Defendant and Robertson took Tan's bracelet, his watch and between $40 and $50 in currency. They then forced Tan to the floorboard of the truck and defendant hit Tan with the shotgun on the left side of his head behind the ear. Robertson entered the truck, stepped over Tan and drove the truck approximately 75 feet. Defendant and Robertson then exited the truck, threw the keys onto the floorboard and fled from the scene. There was a third black man standing behind Robertson but Tan saw him only momentarily. After the robbery, Tan drove to the police station located at 51st and Wentworth where he reported the incident. He later spoke with several other police officers at 61st and Racine.

Tan estimated that six to eight minutes had elapsed from when he first saw Robertson in the mirror until he was forced to the floorboard. He thought that there was a street lamp approximately five feet in front of the truck and there was some additional illumination from a nearby railroad crossing. Since defendant failed to close the passenger side door when he entered the truck, the inside dome light remained on for the entire time defendant was inside the vehicle. Tan was compelled to look in defendant's direction because Robertson had placed his casted arm on Tan's face. Although Tan had lost his glasses, he experienced no difficulty seeing defendant who was only two feet away from him.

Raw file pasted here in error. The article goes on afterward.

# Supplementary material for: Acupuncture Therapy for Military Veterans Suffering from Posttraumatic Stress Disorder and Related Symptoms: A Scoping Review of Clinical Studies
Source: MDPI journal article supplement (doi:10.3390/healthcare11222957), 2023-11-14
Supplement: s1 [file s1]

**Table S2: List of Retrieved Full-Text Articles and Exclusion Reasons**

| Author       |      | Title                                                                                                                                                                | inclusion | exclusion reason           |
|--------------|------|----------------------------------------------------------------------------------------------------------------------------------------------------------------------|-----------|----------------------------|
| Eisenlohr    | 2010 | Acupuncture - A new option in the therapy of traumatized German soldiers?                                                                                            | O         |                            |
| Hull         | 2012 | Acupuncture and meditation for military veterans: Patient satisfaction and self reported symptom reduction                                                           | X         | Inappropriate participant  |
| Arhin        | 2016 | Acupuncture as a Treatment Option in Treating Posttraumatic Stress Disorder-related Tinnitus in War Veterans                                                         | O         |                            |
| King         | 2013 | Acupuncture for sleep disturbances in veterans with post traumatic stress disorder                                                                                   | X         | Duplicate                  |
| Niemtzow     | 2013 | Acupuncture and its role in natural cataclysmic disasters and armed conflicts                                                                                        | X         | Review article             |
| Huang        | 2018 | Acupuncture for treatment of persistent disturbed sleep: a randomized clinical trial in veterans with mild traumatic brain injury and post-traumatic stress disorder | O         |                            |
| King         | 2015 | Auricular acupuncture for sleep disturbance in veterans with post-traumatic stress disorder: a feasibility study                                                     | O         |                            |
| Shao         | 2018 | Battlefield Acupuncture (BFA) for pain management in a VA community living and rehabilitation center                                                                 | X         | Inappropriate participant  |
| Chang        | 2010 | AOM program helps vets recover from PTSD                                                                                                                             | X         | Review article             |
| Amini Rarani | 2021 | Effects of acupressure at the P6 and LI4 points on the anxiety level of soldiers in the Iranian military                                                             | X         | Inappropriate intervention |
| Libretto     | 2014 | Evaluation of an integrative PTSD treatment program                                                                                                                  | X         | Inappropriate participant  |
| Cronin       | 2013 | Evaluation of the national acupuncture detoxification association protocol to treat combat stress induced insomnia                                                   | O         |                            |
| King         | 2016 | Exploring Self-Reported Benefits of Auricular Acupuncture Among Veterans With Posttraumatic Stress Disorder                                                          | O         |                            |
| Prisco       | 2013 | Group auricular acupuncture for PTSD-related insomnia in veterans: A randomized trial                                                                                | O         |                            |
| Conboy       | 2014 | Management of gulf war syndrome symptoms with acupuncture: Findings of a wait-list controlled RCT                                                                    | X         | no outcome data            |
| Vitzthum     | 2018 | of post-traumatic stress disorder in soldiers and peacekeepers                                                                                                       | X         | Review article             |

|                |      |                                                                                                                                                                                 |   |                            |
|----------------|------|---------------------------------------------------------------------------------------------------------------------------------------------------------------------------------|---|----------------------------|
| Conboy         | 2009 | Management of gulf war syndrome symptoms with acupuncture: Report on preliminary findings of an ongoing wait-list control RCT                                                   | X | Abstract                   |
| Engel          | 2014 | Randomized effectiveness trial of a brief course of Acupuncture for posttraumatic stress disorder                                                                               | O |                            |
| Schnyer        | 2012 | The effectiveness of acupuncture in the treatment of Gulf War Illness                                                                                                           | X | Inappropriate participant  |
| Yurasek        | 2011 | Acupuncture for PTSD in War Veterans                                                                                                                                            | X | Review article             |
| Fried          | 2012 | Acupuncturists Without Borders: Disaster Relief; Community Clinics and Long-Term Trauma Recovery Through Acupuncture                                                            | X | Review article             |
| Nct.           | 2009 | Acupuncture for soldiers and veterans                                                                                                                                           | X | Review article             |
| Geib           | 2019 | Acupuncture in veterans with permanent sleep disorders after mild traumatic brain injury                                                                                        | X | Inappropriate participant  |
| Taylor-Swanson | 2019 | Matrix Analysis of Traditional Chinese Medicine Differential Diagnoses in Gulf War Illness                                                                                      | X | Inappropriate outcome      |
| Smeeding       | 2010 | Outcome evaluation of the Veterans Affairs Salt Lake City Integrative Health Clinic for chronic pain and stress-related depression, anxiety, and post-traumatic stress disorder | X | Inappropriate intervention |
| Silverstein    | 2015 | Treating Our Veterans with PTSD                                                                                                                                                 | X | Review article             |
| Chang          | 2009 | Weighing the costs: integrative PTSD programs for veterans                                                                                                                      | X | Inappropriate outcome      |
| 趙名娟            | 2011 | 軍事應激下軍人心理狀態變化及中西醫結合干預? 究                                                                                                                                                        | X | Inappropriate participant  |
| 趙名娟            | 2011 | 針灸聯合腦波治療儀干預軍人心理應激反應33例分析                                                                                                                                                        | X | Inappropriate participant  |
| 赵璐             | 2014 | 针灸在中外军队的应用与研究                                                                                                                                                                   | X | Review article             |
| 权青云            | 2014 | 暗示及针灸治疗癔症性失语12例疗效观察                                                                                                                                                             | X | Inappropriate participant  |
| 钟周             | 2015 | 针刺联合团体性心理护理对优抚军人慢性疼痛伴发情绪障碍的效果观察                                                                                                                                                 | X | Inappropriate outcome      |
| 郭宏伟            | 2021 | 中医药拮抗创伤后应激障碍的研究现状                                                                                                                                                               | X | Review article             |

On cross-examination, Tan testified that he was beaten so badly that he was bleeding from several different places on his head. Yet, he did not seek medical attention for several days. Although, at trial, Tan testified that he had not been knocked unconscious, he admitted that at the preliminary hearing he had testified that he became unconscious when defendant struck him on the side of his head with the shotgun. Tan explained that he had been "dazed."

On June 4, 1980, the day following the robbery, at approximately 4:30 p.m., Tan identified Robertson in a lineup. Ten days later, on June 14, 1980, sometime between 3:30 a.m. and 4:30 a.m., Tan selected defendant's photograph from an array of seven photographs of black men which the police showed to him at his home. The defendant was the only person depicted who had a beard. He then accompanied the officers to 61st and Racine where he also identified defendant in a lineup.

In his testimony, defendant denied any involvement in the armed robbery and aggravated battery of Miller Tan. Defendant stated that at the time of the offenses, he was playing pool, drinking and watching television in a lounge at 71st and Halsted.

I

• 1 Defendant contends that he was not proved guilty beyond a reasonable doubt. In the first part of his argument, defendant submits that Tan's out-of-court identification of defendant's photograph was unnecessary, because defendant was already in custody, and impermissibly suggestive, because he was the only person depicted who had a beard. Defendant has waived consideration of this matter, however, ...